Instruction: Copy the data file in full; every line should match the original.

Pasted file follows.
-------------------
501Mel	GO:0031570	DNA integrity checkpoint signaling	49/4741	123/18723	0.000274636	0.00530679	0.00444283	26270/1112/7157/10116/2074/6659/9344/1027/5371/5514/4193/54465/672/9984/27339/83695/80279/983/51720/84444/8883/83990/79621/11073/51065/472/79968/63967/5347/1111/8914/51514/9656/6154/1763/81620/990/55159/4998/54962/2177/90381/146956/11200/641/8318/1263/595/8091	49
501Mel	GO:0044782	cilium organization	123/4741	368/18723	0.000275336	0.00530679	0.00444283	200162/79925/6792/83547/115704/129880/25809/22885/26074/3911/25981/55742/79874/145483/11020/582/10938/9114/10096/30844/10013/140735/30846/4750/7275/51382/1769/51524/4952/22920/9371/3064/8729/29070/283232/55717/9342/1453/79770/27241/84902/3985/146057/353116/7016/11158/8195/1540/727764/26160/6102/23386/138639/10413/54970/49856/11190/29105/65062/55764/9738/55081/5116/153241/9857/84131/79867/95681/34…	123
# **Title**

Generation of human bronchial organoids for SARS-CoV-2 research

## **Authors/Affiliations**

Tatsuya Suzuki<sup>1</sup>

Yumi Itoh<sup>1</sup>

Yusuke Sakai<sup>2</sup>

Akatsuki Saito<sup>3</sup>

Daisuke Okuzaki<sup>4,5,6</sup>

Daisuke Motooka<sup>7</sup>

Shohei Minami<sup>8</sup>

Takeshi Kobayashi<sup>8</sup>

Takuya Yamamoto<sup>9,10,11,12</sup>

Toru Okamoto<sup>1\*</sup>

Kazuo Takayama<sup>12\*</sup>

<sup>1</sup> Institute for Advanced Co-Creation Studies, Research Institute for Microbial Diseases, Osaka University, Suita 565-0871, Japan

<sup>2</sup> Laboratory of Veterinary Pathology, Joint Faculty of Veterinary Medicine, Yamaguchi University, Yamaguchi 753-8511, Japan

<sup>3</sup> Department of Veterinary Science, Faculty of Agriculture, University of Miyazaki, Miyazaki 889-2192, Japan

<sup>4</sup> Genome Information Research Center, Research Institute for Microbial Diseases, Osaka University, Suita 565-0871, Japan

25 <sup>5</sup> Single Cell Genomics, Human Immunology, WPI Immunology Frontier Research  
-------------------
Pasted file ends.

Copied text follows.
501Mel	GO:0031570	DNA integrity checkpoint signaling	49/4741	123/18723	0.000274636	0.00530679	0.00444283	26270/1112/7157/10116/2074/6659/9344/1027/5371/5514/4193/54465/672/9984/27339/83695/80279/983/51720/84444/8883/83990/79621/11073/51065/472/79968/63967/5347/1111/8914/51514/9656/6154/1763/81620/990/55159/4998/54962/2177/90381/146956/11200/641/8318/1263/595/8091	49
501Mel	GO:0044782	cilium organization	123/4741	368/18723	0.000275336	0.00530679	0.00444283	200162/79925/6792/83547/115704/129880/25809/22885/26074/3911/25981/55742/79874/145483/11020/582/10938/9114/10096/30844/10013/140735/30846/4750/7275/51382/1769/51524/4952/22920/9371/3064/8729/29070/283232/55717/9342/1453/79770/27241/84902/3985/146057/353116/7016/11158/8195/1540/727764/26160/6102/23386/138639/10413/54970/49856/11190/29105/65062/55764/9738/55081/5116/153241/9857/84131/79867/95681/34…	123
# **Title**

Generation of human bronchial organoids for SARS-CoV-2 research

## **Authors/Affiliations**

Tatsuya Suzuki<sup>1</sup>

Yumi Itoh<sup>1</sup>

Yusuke Sakai<sup>2</sup>

Akatsuki Saito<sup>3</sup>

Daisuke Okuzaki<sup>4,5,6</sup>

Daisuke Motooka<sup>7</sup>

Shohei Minami<sup>8</sup>

Takeshi Kobayashi<sup>8</sup>

Takuya Yamamoto<sup>9,10,11,12</sup>

Toru Okamoto<sup>1\*</sup>

Kazuo Takayama<sup>12\*</sup>

<sup>1</sup> Institute for Advanced Co-Creation Studies, Research Institute for Microbial Diseases, Osaka University, Suita 565-0871, Japan

<sup>2</sup> Laboratory of Veterinary Pathology, Joint Faculty of Veterinary Medicine, Yamaguchi University, Yamaguchi 753-8511, Japan

<sup>3</sup> Department of Veterinary Science, Faculty of Agriculture, University of Miyazaki, Miyazaki 889-2192, Japan

<sup>4</sup> Genome Information Research Center, Research Institute for Microbial Diseases, Osaka University, Suita 565-0871, Japan

25 <sup>5</sup> Single Cell Genomics, Human Immunology, WPI Immunology Frontier Research  